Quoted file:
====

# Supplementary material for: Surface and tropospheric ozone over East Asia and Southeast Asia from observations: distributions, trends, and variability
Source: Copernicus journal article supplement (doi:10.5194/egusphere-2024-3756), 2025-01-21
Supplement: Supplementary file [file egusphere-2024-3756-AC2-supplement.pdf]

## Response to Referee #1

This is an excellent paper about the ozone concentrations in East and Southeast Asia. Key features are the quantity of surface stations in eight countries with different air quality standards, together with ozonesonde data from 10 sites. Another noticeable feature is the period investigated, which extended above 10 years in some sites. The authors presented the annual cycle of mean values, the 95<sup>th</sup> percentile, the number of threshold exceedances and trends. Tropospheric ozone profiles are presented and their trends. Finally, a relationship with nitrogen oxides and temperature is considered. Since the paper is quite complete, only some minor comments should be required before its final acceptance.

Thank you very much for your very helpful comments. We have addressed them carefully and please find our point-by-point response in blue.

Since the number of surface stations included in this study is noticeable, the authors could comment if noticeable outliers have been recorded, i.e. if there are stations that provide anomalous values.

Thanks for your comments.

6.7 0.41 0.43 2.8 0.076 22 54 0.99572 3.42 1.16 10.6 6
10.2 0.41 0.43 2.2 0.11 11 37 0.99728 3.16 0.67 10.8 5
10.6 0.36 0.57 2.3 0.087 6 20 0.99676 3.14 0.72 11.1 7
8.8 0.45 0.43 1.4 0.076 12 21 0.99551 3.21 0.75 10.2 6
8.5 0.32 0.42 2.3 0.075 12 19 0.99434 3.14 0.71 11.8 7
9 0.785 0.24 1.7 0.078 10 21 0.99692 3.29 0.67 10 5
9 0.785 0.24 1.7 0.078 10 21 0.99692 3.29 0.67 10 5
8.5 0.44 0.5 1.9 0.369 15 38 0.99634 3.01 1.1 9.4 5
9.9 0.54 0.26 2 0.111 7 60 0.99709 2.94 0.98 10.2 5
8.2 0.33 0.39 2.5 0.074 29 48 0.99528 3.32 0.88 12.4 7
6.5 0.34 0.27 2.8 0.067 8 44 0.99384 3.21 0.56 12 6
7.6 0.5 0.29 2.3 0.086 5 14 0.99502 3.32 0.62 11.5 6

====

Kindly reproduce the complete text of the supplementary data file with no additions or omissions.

# Supplementary material for: Surface and tropospheric ozone over East Asia and Southeast Asia from observations: distributions, trends, and variability
Source: Copernicus journal article supplement (doi:10.5194/egusphere-2024-3756), 2025-01-21
Supplement: Supplementary file [file egusphere-2024-3756-AC2-supplement.pdf]

## Response to Referee #1

This is an excellent paper about the ozone concentrations in East and Southeast Asia. Key features are the quantity of surface stations in eight countries with different air quality standards, together with ozonesonde data from 10 sites. Another noticeable feature is the period investigated, which extended above 10 years in some sites. The authors presented the annual cycle of mean values, the 95<sup>th</sup> percentile, the number of threshold exceedances and trends. Tropospheric ozone profiles are presented and their trends. Finally, a relationship with nitrogen oxides and temperature is considered. Since the paper is quite complete, only some minor comments should be required before its final acceptance.

Thank you very much for your very helpful comments. We have addressed them carefully and please find our point-by-point response in blue.

Since the number of surface stations included in this study is noticeable, the authors could comment if noticeable outliers have been recorded, i.e. if there are stations that provide anomalous values.

Thanks for your comments.

6.7 0.41 0.43 2.8 0.076 22 54 0.99572 3.42 1.16 10.6 6
10.2 0.41 0.43 2.2 0.11 11 37 0.99728 3.16 0.67 10.8 5
10.6 0.36 0.57 2.3 0.087 6 20 0.99676 3.14 0.72 11.1 7
8.8 0.45 0.43 1.4 0.076 12 21 0.99551 3.21 0.75 10.2 6
8.5 0.32 0.42 2.3 0.075 12 19 0.99434 3.14 0.71 11.8 7
9 0.785 0.24 1.7 0.078 10 21 0.99692 3.29 0.67 10 5
9 0.785 0.24 1.7 0.078 10 21 0.99692 3.29 0.67 10 5
8.5 0.44 0.5 1.9 0.369 15 38 0.99634 3.01 1.1 9.4 5
9.9 0.54 0.26 2 0.111 7 60 0.99709 2.94 0.98 10.2 5
8.2 0.33 0.39 2.5 0.074 29 48 0.99528 3.32 0.88 12.4 7
6.5 0.34 0.27 2.8 0.067 8 44 0.99384 3.21 0.56 12 6
7.6 0.5 0.29 2.3 0.086 5 14 0.99502 3.32 0.62 11.5 6